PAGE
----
Josette Rivallain of Société française d’histoire des outre-mers (SFHOM), France, will be presenting a keynote titled “The Problem of Restitution of Museum Pieces: A Focus on Africa” at The Paris Conference on Education (PCE2022), which will be held alongside The Paris Conference on Arts & Humanities (PCAH2022), June 16-19, 2022.
To participate in PCAH/PCE2022 as an audience member, please register for the conference.
The presentation will also be available for IAFOR Members to view online. To find out more, please visit the IAFOR Membership page.
The Problem of Restitution of Museum Pieces: A Focus on Africa
The world’s major museums have a large number of objects from various parts of the globe in their collections.
To begin with, these collections were built up by monarchs who wanted to possess artistic marvels or works of art evidencing ancient civilisations, but the French revolutionaries instead decided to exhibit these objects in order to educate the general public.
From the beginning of the nineteenth century, the great powers made it their mission to enrich their national collections: Napoleon brought his spoils to the Louvre, while the British took the Parthenon marbles and the Rosetta Stone back to London’s British Museum. Other colonial powers did the same, from parts of Asia, Africa and Latin America.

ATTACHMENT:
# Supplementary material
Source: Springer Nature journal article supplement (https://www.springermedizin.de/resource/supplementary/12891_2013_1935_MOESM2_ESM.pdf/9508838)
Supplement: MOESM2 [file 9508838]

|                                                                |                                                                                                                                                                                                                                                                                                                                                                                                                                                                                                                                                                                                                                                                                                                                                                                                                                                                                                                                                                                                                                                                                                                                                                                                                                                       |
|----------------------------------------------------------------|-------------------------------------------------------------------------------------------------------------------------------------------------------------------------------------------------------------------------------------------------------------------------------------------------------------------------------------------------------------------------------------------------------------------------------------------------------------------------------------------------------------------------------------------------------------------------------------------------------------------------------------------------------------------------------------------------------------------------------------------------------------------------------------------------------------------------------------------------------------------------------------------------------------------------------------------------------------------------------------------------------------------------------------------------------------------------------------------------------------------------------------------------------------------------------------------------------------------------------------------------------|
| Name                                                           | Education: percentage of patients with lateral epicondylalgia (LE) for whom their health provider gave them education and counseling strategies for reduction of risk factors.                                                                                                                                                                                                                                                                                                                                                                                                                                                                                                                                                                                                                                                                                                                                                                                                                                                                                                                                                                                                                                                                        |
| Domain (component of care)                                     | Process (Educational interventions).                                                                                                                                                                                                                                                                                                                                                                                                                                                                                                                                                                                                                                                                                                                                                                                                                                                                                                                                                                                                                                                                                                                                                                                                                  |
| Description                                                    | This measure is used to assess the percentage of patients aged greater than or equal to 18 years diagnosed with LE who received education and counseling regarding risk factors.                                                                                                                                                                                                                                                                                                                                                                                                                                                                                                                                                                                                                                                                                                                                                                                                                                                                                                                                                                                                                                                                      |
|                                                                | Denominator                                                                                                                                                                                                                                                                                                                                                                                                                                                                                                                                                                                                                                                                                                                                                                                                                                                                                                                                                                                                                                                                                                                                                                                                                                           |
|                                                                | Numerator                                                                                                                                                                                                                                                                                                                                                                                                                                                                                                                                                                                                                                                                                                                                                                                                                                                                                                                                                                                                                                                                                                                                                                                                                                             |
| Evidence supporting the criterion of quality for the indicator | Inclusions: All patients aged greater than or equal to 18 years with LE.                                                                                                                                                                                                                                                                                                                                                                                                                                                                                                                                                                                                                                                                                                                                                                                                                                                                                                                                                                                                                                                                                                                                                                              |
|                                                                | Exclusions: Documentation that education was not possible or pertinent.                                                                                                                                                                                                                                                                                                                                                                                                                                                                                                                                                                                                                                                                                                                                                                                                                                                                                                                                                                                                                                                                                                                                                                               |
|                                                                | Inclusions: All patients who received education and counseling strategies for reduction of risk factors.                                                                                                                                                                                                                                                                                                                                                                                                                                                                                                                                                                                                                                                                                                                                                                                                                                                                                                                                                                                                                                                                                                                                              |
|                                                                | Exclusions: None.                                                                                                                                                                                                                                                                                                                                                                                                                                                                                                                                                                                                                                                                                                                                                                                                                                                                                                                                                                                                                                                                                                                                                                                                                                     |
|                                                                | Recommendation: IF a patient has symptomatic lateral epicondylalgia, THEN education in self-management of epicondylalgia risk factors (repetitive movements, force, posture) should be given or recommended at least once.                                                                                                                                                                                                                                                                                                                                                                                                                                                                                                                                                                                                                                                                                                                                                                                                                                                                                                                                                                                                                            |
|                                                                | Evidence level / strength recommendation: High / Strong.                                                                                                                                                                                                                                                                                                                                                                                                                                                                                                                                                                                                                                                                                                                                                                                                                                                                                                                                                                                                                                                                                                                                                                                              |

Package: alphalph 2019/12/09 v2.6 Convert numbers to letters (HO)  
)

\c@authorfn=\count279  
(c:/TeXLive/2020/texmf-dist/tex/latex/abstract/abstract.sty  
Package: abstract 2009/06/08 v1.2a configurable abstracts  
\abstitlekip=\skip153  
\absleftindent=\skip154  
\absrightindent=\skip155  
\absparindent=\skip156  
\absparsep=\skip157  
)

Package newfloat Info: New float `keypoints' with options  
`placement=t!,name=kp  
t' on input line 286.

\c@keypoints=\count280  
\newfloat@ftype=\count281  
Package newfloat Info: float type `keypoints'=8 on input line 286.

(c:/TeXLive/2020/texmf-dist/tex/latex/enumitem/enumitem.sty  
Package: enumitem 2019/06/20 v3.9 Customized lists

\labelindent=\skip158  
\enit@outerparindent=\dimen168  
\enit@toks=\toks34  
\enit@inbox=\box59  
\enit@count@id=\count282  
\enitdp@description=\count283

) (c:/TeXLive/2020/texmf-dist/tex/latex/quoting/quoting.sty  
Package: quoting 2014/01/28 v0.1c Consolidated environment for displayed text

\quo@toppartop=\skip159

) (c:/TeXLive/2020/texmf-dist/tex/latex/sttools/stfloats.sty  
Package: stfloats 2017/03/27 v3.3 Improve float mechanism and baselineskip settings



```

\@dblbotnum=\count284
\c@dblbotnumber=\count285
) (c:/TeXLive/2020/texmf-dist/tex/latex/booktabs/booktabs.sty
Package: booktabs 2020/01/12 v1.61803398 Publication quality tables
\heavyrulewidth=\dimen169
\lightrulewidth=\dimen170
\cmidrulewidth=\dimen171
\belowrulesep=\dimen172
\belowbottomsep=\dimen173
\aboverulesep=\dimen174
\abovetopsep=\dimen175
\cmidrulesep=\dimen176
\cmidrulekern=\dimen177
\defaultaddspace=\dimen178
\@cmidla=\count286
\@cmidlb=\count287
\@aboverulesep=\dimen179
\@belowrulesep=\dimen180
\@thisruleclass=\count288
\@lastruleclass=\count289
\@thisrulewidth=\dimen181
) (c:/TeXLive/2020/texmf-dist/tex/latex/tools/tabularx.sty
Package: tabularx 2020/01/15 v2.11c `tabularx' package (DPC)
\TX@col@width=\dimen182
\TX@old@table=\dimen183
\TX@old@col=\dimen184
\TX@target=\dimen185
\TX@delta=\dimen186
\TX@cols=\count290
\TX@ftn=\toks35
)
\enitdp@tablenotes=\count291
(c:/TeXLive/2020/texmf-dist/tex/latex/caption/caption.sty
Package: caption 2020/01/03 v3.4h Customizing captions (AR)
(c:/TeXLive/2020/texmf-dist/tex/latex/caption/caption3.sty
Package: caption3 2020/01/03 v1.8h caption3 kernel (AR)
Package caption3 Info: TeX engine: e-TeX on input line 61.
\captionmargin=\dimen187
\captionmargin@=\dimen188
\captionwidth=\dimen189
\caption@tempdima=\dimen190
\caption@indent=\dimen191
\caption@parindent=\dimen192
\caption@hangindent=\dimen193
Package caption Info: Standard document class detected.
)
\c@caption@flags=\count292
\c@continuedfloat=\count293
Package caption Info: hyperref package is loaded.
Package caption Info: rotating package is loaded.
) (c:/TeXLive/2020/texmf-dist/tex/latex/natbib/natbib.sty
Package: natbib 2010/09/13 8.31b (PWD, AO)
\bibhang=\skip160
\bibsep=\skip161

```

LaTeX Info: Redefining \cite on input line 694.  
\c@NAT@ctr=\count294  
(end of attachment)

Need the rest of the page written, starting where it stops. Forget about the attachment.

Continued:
For some years now, the question of the restitution of objects to their countries of origin has been raised. However, any restitution project raises a number of questions, including:
The presentation will be illustrated by a number of examples, with a particular focus on Africa.
Société française d’histoire des outre-mers (SFHOM), France
Josette Rivallain is currently a lecturer at the National Museum of Natural History in Paris, and a historian and archaeologist specialising in ethnoarchaeology. She also collaborates with a number of French museums in the archiving of collections of African ethnology, and the associated publications.
Dr Rivallain's research is on the comparative study of pre-monetary phenomena in European protohistory, and African ethnoarchaeology, and she holds a doctorate in history. Her thesis was titled "A Comparative Study of Pre-monetary Phenomena in European Protohistory and in African Ethnology".
Dr Rivallain taught at three different African universities from 1971 to 1984, and is currently involved with several scientific programs in Africa, including surveys of coastal sites in Benin and the Ivory Coast, and on the crafts of Benin, notably pottery, calabash, and basketry.